After Years Sheltered From ICE by Local Churches, Immigrants Get Reprieve
Trio of refugees granted stays of removal for the next year
Every knock on the door and every siren heard outside was a potential trigger of "horror" for undocumented immigrants living in sanctuary at Austin's St. Andrew's Presbyterian Church and First Unitarian Universalist Church. Even in refuge, Alirio Gamez, Hilda Ramirez, and Ramirez's son, Ivan, were constantly "haunted" by the threat of deportation by U.S. Immigration and Customs Enforcement, say those close to them. After years of fighting for their freedom, Ramirez and Gamez – who spent most of their time battling deportation under the zealously anti-immigrant Trump administration – were recently granted stays of removal for the next year, a major victory for the local sanctuary movement.
"I feel a great sense of relief that I can leave the church without fear of being deported," said Gamez during an Austin Sanctuary Network press conference last week. "I feel happy that I'm finally able to return to almost normal life. But in Texas, we cannot trust immigration, we need something in writing, and we want to continue to fight for something more permanent."
The past five years have been a "roller coaster" between "horror and hope" for Ramirez and her son, said the Rev. Jim Rigby of St. Andrew's. A Guatemalan who fled death threats and domestic violence with her now-15-year-old son, Ramirez was among the sanctuary leaders across the U.S. who were targeted for reprisal by ICE. The agency fined her the exorbitant sum of $300,000 in 2019 for "willfully" failing to deport, as the Chronicle previously reported, in what advocates describe as an intimidation tactic. Her attorneys continue to challenge the fine, now reduced to $60,000. It was later revealed through a Freedom of Information Act lawsuit that ICE surveilled and deliberately targeted outspoken immigrants who have taken sanctuary in churches, in a years-long plan by former White House policy adviser Stephen Miller, whom advocates say intended to use the egregious fines to help fund Trump's U.S.-Mexico border wall.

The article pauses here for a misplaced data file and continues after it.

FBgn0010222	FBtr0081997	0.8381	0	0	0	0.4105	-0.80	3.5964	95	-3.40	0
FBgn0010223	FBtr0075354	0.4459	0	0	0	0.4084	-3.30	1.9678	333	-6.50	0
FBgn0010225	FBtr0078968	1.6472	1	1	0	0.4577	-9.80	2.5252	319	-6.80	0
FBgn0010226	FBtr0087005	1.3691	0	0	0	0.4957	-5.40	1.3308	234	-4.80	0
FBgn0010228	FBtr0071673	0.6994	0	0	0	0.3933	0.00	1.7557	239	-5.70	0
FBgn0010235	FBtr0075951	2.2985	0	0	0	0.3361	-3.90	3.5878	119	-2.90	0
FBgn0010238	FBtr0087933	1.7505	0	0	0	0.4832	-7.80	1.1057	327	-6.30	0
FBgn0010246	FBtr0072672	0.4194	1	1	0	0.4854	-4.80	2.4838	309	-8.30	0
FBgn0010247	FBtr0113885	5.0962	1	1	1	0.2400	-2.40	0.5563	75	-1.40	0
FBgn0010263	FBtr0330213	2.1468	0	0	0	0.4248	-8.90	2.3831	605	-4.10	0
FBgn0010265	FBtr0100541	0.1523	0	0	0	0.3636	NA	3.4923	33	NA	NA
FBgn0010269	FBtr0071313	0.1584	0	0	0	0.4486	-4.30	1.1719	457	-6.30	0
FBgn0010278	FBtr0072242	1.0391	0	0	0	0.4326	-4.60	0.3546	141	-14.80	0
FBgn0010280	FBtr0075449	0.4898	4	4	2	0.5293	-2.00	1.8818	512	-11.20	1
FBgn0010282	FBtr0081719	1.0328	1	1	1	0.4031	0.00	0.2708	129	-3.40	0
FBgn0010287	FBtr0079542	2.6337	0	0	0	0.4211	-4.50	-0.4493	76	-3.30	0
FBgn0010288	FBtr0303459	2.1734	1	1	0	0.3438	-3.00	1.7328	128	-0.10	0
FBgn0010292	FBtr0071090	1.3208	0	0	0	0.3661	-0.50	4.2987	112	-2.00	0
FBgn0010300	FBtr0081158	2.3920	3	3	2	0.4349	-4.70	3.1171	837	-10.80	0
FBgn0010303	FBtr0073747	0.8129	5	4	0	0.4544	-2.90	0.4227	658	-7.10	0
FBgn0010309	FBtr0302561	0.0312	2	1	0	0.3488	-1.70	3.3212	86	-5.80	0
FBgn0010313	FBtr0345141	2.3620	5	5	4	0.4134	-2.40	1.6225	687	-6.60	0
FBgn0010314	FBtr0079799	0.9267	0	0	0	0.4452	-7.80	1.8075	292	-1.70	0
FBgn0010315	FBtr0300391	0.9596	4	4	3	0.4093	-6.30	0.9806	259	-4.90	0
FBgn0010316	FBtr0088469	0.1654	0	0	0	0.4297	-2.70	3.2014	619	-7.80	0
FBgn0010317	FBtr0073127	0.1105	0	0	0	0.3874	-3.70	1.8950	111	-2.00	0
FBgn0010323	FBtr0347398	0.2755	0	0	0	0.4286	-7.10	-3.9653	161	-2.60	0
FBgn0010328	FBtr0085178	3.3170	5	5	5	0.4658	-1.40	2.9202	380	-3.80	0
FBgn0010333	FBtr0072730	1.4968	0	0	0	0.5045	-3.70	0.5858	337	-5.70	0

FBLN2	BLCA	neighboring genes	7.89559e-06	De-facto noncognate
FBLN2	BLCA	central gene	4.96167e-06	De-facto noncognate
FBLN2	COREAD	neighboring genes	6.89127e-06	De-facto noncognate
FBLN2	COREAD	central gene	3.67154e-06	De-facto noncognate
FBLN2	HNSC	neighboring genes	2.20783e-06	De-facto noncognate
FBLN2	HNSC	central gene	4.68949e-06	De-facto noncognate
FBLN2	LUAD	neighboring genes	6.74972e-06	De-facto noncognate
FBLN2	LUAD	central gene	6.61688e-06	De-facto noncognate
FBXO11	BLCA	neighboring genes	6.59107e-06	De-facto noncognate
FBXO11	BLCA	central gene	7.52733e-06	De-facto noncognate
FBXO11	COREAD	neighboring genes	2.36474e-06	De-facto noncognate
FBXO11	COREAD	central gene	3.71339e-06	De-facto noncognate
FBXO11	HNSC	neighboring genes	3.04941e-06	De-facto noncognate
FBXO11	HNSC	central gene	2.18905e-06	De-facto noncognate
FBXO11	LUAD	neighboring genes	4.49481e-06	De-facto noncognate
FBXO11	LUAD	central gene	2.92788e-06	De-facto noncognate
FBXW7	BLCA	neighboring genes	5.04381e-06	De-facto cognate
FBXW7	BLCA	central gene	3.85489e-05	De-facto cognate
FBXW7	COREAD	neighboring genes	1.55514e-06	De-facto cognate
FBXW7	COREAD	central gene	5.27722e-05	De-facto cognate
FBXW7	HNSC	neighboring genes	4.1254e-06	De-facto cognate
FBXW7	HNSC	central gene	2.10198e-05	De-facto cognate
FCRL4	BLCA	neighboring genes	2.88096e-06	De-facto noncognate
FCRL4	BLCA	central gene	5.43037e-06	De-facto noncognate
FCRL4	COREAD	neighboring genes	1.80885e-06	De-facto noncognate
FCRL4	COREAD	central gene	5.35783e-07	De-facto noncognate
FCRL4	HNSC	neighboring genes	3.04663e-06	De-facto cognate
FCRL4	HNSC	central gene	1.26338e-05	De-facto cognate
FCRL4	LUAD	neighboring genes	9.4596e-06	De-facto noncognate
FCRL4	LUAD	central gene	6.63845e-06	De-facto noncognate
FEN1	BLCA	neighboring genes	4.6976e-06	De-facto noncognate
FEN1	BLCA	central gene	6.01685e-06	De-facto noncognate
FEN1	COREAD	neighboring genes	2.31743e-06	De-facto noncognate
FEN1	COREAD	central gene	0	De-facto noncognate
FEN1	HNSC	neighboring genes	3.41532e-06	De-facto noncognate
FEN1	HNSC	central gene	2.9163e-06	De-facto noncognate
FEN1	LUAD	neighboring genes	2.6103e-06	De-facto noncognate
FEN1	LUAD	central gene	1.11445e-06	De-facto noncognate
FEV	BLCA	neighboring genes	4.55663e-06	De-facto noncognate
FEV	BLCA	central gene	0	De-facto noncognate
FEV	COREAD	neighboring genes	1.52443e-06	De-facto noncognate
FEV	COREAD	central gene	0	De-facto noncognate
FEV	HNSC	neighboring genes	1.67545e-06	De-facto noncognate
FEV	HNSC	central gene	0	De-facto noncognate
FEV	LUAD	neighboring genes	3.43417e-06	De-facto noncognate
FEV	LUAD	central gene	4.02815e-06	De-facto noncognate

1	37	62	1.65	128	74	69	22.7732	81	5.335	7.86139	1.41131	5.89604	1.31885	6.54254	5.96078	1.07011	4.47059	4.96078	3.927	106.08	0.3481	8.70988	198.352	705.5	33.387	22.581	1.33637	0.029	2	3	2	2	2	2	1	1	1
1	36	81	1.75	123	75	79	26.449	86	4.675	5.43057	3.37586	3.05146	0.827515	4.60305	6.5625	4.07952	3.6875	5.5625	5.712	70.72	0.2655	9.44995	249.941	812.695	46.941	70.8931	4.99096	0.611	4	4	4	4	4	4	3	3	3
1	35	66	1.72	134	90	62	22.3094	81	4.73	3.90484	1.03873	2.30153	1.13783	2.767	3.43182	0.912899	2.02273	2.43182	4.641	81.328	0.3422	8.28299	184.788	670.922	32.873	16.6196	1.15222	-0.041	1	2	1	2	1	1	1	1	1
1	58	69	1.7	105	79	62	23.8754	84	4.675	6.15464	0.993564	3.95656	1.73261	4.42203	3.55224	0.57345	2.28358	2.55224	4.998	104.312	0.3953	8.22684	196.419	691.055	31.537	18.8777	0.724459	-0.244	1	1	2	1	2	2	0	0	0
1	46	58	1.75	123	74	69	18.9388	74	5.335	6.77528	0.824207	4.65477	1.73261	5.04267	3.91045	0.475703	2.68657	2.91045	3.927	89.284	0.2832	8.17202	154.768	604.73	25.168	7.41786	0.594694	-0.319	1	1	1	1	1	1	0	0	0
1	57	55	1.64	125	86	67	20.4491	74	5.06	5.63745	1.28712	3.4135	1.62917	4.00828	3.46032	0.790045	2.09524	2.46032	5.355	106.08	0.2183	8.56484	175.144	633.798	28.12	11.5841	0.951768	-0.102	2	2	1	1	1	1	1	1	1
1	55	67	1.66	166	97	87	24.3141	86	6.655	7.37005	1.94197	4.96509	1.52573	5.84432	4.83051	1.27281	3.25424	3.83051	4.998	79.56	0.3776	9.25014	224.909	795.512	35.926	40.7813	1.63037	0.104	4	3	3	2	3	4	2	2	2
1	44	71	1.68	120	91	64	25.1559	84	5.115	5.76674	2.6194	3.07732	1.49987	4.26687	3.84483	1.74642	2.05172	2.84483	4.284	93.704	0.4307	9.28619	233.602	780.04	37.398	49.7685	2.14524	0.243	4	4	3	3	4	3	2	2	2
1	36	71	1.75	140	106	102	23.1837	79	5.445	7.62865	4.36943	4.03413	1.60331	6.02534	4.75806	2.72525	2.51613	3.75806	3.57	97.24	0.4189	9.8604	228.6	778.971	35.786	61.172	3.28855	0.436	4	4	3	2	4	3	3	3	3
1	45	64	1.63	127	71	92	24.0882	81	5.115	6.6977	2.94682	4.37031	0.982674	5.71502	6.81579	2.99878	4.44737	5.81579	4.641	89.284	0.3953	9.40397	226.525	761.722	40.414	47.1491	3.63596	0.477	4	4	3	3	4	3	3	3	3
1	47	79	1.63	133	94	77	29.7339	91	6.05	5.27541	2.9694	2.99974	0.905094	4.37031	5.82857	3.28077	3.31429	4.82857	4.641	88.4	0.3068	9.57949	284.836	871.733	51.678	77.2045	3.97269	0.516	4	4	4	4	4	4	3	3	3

"They came here pursuing the American dream and instead lived a nightmare," said Rigby of the trio of sanctuary seekers. "It is our prayer this temporary measure will be the first step toward actual freedom and justice for them."
Even in the confines of the church, Ramirez and her son were not fully removed from danger, said Rigby. Following the January 6 attack on the U.S. Capitol, a man wearing buffalo horns beat the exterior of the church and poured gas on the surrounding trees, attempting to burn the safe haven down. His actions were politically motivated, said Rigby.
The stay of removal is bittersweet for Ramirez because her son still holds a deportation order, but Ivan does qualify for a special immigrant juvenile visa. "I'm very happy that I'm at least able to go outside as I have always dreamed of," she said. "And I'm happy that I can go and see my son play soccer and take him to the park, but I know that the fight for us continues. I have fought many years to keep us together, and I will keep fighting to make sure our family is not separated."
Immigration advocate Carmen Zuvieta attributes the victory to grassroots groups and volunteers who pressured Congress when local ICE officials refused to stay the deportation orders even after President Biden took office. The next steps for advocates are to secure work permits for Ramirez and Gamez and to push congressional allies like U.S. Rep. Joaquin Castro, D-San Antonio, to continue to support efforts to pass a private bill (that is, one that applies to individuals or a group rather than all constituents) that grants them permanent resident status.